Our Team of Doctors at Work at the International Arrival Terminal of CSI Airport, Mumbai.
With the escalating situation of pandemic and increasing mortality rates, the guidelines were frequently updated and we ensured to obey the new protocols. Initially, we used the health declaration forms and thermoguns to screen the passengers. Healthy international passengers who would clear the screening were stamped on the dorsum of hand, indicating that they were to mandatorily quarantine themselves. The stamp read ‘HOME QUARANTINE’ along with the date until which the person was to be quarantined. They were generally asked to be quarantined for 14 days at home, if possible, or at a government facility.Figure 2.
Appreciation Letter Received from the Airport Health Authority, Mumbai.
The last week of airport duty, which was also the week before the lockdown, was the busiest of all. The Government of India had declared a Pan-India lockdown beginning on March 24th, 2020 – this resulted in huge number of Indian citizens abroad making last minute reservations to return home. By then, we had started quarantining all passengers aged greater than 60 years old and those with any existing comorbidities for 24-48 hours at the nearest government facility for observation. All such passengers underwent Rapid Antigen Test or RT-PCR, as indicated, and were kept under observation until a negative report was produced. If positive, they were isolated and treated accordingly. This helped to reduce the mortality rate to a greater extent as many cases were detected in this screening process amongst the high-risk patients, facilitating early intervention and recovery.
The 12 hour night shift of March 22nd – 23rd was our last shift at the CSI Airport. It was a Sunday and India had already implemented a weekend curfew by then. The streets were deserted, which was a rare sight for the usually chaotic city. On arrival, a long queue of the passengers awaited us. All the flights were arriving at maximum capacity as it was the last day for entry into India before the international borders were to be closed. That night proved to be our most hectic duty as we screened an enormous number of passengers.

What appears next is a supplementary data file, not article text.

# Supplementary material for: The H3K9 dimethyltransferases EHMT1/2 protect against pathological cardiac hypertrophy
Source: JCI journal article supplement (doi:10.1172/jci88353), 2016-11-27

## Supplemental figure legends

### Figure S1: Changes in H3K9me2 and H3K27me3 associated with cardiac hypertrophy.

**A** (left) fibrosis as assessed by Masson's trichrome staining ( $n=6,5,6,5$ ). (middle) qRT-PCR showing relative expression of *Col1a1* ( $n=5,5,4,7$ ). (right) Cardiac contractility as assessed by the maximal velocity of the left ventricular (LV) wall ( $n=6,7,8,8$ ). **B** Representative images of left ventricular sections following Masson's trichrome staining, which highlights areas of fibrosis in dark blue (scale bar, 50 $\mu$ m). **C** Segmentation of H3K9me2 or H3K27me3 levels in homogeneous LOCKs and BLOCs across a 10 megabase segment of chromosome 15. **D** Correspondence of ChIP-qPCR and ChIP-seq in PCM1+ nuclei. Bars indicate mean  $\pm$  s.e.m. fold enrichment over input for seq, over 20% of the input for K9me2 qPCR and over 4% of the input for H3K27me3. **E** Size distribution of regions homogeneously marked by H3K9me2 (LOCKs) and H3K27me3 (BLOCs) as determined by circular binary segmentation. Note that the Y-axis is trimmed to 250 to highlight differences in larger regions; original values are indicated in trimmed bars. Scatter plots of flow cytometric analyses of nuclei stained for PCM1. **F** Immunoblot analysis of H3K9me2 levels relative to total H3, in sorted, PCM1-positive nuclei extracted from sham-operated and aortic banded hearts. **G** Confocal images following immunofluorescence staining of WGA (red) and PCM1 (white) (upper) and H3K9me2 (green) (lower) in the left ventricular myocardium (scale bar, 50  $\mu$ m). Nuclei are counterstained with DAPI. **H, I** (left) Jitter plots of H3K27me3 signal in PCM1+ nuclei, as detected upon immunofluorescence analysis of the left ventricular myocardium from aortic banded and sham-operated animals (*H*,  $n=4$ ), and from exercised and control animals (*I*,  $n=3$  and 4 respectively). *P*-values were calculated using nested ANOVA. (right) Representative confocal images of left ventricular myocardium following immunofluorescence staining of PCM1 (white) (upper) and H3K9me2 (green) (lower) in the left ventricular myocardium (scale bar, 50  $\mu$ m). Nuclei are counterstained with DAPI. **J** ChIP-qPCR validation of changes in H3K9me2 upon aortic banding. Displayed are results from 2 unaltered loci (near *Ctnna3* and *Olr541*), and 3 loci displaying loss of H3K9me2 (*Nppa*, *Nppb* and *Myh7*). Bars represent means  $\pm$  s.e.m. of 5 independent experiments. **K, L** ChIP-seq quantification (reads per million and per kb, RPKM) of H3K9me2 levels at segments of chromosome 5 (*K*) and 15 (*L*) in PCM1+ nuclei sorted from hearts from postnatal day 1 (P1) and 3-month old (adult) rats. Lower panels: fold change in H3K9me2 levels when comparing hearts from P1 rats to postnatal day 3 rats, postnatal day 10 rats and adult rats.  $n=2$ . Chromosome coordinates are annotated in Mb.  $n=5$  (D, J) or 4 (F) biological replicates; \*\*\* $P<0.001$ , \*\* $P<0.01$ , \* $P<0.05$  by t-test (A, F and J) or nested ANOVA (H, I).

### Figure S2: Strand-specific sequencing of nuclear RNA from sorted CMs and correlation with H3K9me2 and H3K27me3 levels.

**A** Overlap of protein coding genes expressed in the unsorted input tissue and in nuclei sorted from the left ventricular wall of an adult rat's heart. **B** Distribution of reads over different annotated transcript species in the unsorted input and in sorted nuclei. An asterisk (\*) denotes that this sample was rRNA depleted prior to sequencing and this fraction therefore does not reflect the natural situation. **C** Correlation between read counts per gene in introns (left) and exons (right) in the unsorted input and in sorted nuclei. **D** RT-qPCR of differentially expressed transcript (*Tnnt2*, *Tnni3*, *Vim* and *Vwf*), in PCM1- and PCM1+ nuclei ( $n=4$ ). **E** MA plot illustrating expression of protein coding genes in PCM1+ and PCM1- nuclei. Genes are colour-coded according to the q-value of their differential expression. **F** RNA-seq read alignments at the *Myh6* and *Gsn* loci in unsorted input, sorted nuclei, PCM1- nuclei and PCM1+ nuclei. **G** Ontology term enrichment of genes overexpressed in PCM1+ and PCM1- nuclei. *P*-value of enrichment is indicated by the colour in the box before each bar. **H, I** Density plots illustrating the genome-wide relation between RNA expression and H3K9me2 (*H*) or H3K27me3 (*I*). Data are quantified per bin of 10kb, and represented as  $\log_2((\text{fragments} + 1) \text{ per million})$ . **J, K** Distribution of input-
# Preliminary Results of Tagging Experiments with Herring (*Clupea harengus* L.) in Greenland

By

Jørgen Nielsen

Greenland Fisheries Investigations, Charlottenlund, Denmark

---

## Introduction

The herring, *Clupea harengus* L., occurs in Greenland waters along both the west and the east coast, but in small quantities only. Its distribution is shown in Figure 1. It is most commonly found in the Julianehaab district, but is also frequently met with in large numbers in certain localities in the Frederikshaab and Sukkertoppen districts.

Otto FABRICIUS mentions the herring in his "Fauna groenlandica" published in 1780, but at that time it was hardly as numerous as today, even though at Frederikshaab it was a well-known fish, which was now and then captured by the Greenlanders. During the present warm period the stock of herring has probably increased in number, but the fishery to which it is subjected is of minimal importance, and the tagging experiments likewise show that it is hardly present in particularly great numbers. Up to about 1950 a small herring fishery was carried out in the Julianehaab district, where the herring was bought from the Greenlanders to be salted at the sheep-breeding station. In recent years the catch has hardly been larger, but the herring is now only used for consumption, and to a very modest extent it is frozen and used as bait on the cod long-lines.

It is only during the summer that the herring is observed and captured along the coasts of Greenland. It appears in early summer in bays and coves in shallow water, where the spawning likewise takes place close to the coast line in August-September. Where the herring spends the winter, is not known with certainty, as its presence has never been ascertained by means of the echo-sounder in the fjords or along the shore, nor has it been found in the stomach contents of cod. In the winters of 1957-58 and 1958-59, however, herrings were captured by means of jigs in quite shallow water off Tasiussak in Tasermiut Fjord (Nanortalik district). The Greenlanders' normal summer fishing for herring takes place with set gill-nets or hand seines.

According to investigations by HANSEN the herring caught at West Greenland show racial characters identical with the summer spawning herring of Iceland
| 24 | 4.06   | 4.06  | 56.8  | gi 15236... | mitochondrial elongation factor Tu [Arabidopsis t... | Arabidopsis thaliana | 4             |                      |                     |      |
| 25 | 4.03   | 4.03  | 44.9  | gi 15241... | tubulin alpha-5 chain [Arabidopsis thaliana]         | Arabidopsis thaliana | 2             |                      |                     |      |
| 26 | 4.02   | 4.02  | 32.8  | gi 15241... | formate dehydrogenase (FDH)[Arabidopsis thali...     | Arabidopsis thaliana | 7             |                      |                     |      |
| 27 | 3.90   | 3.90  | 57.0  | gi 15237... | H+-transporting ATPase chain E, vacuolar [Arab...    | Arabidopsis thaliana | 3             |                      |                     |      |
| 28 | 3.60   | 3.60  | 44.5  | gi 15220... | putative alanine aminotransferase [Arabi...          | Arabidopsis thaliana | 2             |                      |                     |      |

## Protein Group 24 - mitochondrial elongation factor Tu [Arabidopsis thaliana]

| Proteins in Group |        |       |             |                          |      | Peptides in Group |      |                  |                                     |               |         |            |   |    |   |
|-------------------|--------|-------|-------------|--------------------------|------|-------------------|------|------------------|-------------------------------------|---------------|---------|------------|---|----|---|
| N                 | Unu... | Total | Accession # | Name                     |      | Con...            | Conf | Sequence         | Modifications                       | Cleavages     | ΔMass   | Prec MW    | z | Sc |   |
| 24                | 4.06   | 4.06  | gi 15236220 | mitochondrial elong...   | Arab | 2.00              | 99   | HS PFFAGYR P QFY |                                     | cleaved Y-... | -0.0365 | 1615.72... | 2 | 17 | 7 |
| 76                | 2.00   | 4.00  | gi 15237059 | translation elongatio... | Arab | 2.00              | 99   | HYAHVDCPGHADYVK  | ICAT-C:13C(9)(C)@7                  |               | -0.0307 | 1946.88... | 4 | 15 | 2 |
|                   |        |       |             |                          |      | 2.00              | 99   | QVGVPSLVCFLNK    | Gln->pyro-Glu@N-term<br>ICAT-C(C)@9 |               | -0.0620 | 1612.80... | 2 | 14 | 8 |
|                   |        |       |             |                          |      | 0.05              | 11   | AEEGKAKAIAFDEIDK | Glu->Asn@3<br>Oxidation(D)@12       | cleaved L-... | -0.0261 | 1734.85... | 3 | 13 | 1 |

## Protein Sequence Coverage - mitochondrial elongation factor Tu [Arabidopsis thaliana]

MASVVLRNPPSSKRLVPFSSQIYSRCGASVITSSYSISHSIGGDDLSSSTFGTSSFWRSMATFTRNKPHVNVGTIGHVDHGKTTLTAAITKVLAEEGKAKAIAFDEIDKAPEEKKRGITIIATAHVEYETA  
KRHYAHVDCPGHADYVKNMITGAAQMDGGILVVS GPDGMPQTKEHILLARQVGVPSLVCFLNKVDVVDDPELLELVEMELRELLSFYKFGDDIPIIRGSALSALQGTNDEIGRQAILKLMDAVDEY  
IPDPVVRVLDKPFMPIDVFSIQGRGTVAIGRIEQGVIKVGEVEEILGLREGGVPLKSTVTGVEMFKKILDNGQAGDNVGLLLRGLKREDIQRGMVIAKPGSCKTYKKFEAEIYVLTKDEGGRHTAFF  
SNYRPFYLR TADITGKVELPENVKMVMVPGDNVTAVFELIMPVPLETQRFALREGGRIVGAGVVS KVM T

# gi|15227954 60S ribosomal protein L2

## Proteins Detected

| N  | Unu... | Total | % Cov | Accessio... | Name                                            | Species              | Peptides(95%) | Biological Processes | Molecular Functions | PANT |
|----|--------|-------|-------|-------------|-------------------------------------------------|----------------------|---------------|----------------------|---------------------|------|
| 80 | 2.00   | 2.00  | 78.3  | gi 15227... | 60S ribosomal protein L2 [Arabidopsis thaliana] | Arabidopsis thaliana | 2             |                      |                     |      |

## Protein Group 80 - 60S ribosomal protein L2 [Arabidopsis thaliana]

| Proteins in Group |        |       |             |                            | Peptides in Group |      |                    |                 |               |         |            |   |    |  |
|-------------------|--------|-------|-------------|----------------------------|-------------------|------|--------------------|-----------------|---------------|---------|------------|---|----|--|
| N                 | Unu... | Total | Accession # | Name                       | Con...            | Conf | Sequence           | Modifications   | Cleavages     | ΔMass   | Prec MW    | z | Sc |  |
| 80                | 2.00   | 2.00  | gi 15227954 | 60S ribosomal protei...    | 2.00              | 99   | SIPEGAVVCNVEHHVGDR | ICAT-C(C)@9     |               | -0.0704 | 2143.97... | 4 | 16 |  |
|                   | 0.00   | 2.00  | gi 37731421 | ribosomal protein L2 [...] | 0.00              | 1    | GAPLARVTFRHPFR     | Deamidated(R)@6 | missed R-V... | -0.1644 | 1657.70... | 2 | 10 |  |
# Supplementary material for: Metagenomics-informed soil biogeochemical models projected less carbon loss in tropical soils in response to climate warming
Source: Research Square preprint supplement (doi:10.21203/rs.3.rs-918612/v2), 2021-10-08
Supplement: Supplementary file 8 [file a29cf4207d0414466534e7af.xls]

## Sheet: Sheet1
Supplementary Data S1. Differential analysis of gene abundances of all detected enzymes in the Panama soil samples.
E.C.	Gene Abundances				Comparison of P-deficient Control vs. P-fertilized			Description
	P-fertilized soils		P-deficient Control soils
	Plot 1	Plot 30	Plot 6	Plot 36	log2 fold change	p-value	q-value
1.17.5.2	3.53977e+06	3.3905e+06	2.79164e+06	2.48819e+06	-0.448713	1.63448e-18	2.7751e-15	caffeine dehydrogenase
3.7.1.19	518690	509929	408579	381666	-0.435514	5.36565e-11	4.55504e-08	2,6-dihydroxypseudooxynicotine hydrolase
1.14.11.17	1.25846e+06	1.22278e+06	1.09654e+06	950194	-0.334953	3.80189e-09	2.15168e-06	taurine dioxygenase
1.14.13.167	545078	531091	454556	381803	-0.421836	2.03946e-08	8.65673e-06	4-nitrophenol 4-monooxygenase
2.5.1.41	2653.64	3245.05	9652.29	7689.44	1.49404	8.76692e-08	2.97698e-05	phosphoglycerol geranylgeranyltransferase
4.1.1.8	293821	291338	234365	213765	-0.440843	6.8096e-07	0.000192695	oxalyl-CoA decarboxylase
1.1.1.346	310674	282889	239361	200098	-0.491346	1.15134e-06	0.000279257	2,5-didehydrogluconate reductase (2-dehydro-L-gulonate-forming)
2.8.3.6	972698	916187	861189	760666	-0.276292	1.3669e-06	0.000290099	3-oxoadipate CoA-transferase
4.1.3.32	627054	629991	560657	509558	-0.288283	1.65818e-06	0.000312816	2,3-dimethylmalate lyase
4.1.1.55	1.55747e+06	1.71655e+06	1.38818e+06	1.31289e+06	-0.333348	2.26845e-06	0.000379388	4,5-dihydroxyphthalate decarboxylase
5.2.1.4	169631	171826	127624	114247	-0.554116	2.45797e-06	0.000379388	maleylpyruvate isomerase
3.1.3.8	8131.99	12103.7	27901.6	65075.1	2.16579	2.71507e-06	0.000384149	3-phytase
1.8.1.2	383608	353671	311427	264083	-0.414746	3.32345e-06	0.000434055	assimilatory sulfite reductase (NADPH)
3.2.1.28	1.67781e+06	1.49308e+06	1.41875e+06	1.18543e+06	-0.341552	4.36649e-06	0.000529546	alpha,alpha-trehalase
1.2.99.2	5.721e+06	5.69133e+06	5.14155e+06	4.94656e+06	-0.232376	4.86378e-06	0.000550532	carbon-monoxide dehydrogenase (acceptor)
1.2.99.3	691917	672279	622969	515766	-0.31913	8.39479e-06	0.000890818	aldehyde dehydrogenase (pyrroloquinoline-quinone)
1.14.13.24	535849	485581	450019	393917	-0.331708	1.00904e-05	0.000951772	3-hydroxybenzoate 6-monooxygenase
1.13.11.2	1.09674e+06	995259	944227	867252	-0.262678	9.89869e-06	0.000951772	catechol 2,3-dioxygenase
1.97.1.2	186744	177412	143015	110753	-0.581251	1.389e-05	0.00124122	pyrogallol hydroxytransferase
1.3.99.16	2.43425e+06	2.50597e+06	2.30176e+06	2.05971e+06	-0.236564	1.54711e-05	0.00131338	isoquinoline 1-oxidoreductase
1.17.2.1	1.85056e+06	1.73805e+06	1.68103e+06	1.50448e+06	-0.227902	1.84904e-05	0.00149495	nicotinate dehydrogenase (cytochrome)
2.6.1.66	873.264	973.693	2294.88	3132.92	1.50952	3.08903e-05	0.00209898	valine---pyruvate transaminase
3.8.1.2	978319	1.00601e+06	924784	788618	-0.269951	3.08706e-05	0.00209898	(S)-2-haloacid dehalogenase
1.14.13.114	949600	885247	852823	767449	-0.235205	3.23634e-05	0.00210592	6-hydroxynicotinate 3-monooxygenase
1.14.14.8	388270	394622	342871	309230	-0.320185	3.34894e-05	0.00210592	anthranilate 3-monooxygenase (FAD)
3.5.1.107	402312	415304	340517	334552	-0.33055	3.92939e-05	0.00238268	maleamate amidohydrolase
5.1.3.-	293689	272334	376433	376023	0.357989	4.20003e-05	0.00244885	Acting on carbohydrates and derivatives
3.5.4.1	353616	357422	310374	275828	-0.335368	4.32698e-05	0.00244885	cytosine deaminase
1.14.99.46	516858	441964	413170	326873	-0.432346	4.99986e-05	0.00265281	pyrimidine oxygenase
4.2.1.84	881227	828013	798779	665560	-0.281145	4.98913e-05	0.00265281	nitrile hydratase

The next morning, at 8am, was the end of this riveting journey at CSI airport Mumbai and the end of Phase 1 of our internship or “The COVID Internship”! While returning from the airport, something did not feel right; it was if someone had stopped time. This was something that will never be forgotten - the only vehicle running on the roads of the busiest city was our bus! The city of dreams, known for its speed, was as calm as the adjoining sea. The police check points on the roads ensured enforcement of the lockdown. As fascinating as the experience was, we would never wish to relive it. Hopefully, we will not experience such a disaster again. Even if such a time comes, let us hope that we will have learnt from our prior mistakes and are able to mitigate accordingly.
The Authors have no funding, financial relationships or conflicts of interest to disclose.
Conceptualization; Data Curation; Formal Analysis; Funding Acquisition; Investigation; Methodology; Project Administration; Resources; Software; Supervision; Validation; Visualization; Writing - Original Draft Preparation; Writing – Review & Editing: SG, AM.
Cite as Gajare S, Mulkalwar A. “Passengers, May I Have Your Attention Please…” – The Airport Diaries of Young COVID-19 Warriors. Int J Med Stud. 2023 Jan-Mar;11(1):88-90.
Copyright © 2023 Shweta Gajare, Alhad Mulkalwar
This work is licensed under a Creative Commons Attribution 4.0 International License.
International Journal of Medical Students, VOLUME 11, NUMBER 1, October 2022